Other than the alphanumeric names, the accounts also featured so-called “egg” avatars, since the botnet creator did not take time to individual upload pictures for the accounts. Egg avatars are a common indicator of bot-like activity.
Meanwhile, accounts that had pictures featured either stolen or inauthentic images. For instance, one account used a picture of a famous Indian model as a cover picture. Usage of Indian models for avatars is not uncommon in Middle Eastern botnets since facial characteristics are often similar.
The accounts also had very low following-versus-followers activity, with many of them having neither, indicating that the primary purpose of the accounts was to amplify other content rather than engaging with the Twitter community.
Many of the accounts were batch-created, meaning they were first established on the same day within a short timeframe. Batch creation is one of the most common indicators of a bot network.
Since bot networks are automated, they tend to post verbatim messages, but in this case the accounts were posting similar content rather than verbatim or copy pasted content. The messages had the same political resonance, though. For instance, a number of tweets by accounts used an article from Alghad TV that criticizes Turkey’s alleged support to militias in Tripoli and Misurata that in turn support the UN-recognized Libyan government of national accord, which the UAE opposes. While the text of these tweets are not identical, they shared the same theme: that Turkey’s support of these militias would not be enough, and would lead to additional Turkish intervention.
The article linked within the tweets also criticized Turkey’s intervention. The boost given by bots to this article, along with other anti-Turkish tweets, suggests the network is attempting to amplify the UAE’s disapproval of Libyan Prime Minister Fayez Al-Sarraj, who in turn has expressed disdain for Emirati intervention in Libya. The anti-Turkish tweets also serve as a way to lambaste Turkish President Erdogan for his support of Al-Sarraj and his government.
The Yemen connection
The botnet also covered topics beyond the coronavirus and Libya. Several videos claiming the UAE is supporting Yemenis against Houthi rebels were boosted by the network as well. As a founding member of the Saudi coalition fighting the Houthis, the UAE has played a direct role in the ongoing Yemen war, which has led to the deaths of thousands of Yemeni civilians.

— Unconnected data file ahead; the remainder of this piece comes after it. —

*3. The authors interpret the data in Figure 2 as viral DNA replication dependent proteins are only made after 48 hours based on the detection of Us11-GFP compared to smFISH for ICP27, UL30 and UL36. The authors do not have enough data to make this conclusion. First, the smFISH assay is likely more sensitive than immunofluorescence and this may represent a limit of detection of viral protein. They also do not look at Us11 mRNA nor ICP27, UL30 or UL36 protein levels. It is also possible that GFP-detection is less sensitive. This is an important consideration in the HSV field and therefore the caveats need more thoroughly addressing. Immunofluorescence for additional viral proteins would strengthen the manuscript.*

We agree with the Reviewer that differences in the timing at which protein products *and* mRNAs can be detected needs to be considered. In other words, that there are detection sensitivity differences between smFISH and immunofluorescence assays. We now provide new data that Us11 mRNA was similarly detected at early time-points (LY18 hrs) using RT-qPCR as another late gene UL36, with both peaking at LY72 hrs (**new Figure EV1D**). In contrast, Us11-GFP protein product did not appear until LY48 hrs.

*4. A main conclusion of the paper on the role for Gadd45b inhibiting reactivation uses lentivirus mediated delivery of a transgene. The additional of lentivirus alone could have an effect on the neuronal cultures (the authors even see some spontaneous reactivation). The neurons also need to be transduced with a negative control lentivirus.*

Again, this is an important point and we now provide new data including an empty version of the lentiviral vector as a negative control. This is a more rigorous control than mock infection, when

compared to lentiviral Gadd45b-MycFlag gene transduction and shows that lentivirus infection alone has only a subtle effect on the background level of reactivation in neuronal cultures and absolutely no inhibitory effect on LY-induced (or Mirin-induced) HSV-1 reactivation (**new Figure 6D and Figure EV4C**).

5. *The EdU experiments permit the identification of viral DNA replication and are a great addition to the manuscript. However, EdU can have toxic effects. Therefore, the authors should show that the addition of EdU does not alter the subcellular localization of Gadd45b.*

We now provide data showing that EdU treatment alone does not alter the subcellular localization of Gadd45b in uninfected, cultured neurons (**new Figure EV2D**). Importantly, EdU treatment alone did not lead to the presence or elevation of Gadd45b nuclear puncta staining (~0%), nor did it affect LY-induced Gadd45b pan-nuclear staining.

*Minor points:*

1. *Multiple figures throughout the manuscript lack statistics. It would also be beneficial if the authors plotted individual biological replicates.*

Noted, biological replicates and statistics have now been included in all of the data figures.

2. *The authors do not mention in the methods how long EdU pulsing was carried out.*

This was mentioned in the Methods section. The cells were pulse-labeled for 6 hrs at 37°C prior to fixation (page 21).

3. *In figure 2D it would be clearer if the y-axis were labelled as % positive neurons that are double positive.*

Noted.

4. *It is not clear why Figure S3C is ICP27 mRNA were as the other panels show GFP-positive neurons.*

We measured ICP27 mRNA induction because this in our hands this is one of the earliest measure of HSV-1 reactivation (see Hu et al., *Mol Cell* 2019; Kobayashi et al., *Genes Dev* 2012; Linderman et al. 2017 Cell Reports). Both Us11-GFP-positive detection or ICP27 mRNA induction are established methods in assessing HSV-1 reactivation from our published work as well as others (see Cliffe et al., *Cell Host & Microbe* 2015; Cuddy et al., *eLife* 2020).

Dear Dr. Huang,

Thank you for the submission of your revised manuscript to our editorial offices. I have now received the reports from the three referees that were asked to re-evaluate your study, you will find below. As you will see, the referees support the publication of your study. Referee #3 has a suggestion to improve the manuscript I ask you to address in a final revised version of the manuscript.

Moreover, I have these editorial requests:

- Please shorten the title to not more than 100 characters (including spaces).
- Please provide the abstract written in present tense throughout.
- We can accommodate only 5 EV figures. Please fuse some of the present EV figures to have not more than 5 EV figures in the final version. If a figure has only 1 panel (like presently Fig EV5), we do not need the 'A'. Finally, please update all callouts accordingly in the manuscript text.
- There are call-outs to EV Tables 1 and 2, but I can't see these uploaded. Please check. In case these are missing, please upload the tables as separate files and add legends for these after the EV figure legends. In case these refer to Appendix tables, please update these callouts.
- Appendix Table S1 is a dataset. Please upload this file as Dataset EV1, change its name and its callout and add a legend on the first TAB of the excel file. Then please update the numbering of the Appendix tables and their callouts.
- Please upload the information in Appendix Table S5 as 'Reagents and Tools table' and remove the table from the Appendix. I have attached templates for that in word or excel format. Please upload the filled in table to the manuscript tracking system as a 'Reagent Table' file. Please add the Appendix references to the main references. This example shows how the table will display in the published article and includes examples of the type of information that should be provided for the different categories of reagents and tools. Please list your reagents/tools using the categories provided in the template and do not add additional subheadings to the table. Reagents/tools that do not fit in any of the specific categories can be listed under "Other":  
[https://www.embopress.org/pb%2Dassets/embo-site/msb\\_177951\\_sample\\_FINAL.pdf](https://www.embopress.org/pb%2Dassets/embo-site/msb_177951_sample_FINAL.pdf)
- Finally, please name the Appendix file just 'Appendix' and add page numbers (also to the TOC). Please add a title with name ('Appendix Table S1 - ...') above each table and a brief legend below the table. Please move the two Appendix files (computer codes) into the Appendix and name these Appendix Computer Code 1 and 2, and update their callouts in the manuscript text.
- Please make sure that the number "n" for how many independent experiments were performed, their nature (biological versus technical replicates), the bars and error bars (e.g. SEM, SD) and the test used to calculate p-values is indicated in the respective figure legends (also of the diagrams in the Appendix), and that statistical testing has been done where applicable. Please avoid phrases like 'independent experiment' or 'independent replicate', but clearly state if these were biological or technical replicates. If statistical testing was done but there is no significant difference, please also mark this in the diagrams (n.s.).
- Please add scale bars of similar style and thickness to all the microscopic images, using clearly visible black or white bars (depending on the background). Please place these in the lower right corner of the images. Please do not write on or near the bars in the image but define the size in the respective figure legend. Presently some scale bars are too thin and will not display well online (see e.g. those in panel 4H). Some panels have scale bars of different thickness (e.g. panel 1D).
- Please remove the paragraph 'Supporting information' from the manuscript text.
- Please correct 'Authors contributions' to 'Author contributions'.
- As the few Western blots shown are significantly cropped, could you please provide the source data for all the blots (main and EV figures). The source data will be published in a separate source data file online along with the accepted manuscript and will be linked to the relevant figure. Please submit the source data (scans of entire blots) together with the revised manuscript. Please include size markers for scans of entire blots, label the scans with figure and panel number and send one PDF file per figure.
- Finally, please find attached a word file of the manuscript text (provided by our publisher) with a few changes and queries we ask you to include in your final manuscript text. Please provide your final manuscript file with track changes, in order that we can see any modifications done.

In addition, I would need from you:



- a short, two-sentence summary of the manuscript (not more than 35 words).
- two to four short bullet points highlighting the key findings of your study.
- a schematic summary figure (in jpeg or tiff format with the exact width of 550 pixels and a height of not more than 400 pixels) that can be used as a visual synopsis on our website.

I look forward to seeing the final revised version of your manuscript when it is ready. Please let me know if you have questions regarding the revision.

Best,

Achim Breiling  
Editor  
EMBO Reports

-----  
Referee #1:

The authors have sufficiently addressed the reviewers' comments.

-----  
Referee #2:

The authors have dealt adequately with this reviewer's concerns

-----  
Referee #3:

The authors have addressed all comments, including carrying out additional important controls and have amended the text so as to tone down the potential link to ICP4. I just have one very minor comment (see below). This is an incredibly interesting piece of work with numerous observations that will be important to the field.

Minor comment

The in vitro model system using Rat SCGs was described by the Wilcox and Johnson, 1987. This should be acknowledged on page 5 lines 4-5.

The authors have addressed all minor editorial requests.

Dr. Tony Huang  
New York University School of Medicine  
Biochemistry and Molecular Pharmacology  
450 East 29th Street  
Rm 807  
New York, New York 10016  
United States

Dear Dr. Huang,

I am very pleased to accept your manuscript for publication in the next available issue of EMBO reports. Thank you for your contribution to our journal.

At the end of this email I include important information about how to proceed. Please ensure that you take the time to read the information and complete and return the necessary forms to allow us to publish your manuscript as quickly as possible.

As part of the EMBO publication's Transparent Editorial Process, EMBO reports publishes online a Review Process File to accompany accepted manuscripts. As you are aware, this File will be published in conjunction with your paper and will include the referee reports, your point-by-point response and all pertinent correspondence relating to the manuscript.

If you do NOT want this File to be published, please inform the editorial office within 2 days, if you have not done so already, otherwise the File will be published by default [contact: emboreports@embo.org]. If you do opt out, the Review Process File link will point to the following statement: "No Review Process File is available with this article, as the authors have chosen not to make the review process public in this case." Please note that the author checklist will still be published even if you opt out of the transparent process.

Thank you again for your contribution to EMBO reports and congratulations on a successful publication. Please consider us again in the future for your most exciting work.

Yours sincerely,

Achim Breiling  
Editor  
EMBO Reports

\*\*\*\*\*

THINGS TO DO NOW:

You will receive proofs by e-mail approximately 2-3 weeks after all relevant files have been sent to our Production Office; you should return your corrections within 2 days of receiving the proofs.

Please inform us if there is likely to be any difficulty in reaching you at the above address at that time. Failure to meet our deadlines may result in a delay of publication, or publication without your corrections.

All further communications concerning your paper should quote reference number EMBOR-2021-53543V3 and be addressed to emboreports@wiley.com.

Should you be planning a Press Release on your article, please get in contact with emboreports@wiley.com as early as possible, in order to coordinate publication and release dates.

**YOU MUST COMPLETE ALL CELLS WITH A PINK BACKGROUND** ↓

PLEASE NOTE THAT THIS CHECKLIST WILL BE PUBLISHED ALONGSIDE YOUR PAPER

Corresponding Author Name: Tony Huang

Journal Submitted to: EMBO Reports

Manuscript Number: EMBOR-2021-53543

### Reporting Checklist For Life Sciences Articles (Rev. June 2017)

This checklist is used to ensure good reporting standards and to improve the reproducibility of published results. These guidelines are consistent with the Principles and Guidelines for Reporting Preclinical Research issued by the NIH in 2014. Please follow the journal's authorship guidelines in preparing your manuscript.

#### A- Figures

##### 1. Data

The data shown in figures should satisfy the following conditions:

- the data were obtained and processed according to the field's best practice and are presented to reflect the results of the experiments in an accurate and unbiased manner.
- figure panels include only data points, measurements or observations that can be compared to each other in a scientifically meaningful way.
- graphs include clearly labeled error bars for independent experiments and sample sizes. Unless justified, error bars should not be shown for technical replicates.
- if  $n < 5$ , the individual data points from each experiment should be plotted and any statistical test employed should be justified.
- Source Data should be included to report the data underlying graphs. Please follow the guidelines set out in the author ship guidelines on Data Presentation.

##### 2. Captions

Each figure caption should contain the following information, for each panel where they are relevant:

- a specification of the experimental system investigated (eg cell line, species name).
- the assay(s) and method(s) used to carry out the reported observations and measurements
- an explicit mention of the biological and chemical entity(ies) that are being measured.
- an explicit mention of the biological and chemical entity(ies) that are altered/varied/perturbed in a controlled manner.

One tweet amplified by the network shows a Yemeni man expressing his support for the UAE trying to make a positive difference.
— الجمهورية اليمنية (سياسي) (@ana_alyemeny) February 13, 2020
Another tweet that was amplified, though, connects UAE support of Yemenis to the coronavirus outbreak. In the video, a woman thanks the UAE for helping Yemenis when other nations in the region would not, including transporting Yemeni students from the coronavirus hot zone in Wuhan, China.
#شكرا_الإمارات والله اني دمعت فرح بخروج الطلبة اليمنيين من جزيرة ووهان
"الي خلف مامات" الشيخ زايد بيضل اسمه لكل من حكم الإمارات pic.twitter.com/jq9JR9Szvs
— Randa Mohamed saif (@Randa1Mohammed) February 19, 2020
Political botnets remain an ongoing problem for platforms like Twitter, as they are cheap to deploy and easily replaceable when taken down. In this particular case, the bot net is the latest in an ongoing pattern of inauthentic networks supporting the interests of the UAE and Saudi Arabia, though it is unknown whether those governments directly managed the campaign. With the emergence of the coronavirus, though, it is highly likely we will see additional bot-driven rhetoric exploiting the pandemic for political purposes, both in the Middle East and worldwide.
Kanishk Karan, Research Associate with the Digital Forensic Research Lab, contributed research to this report.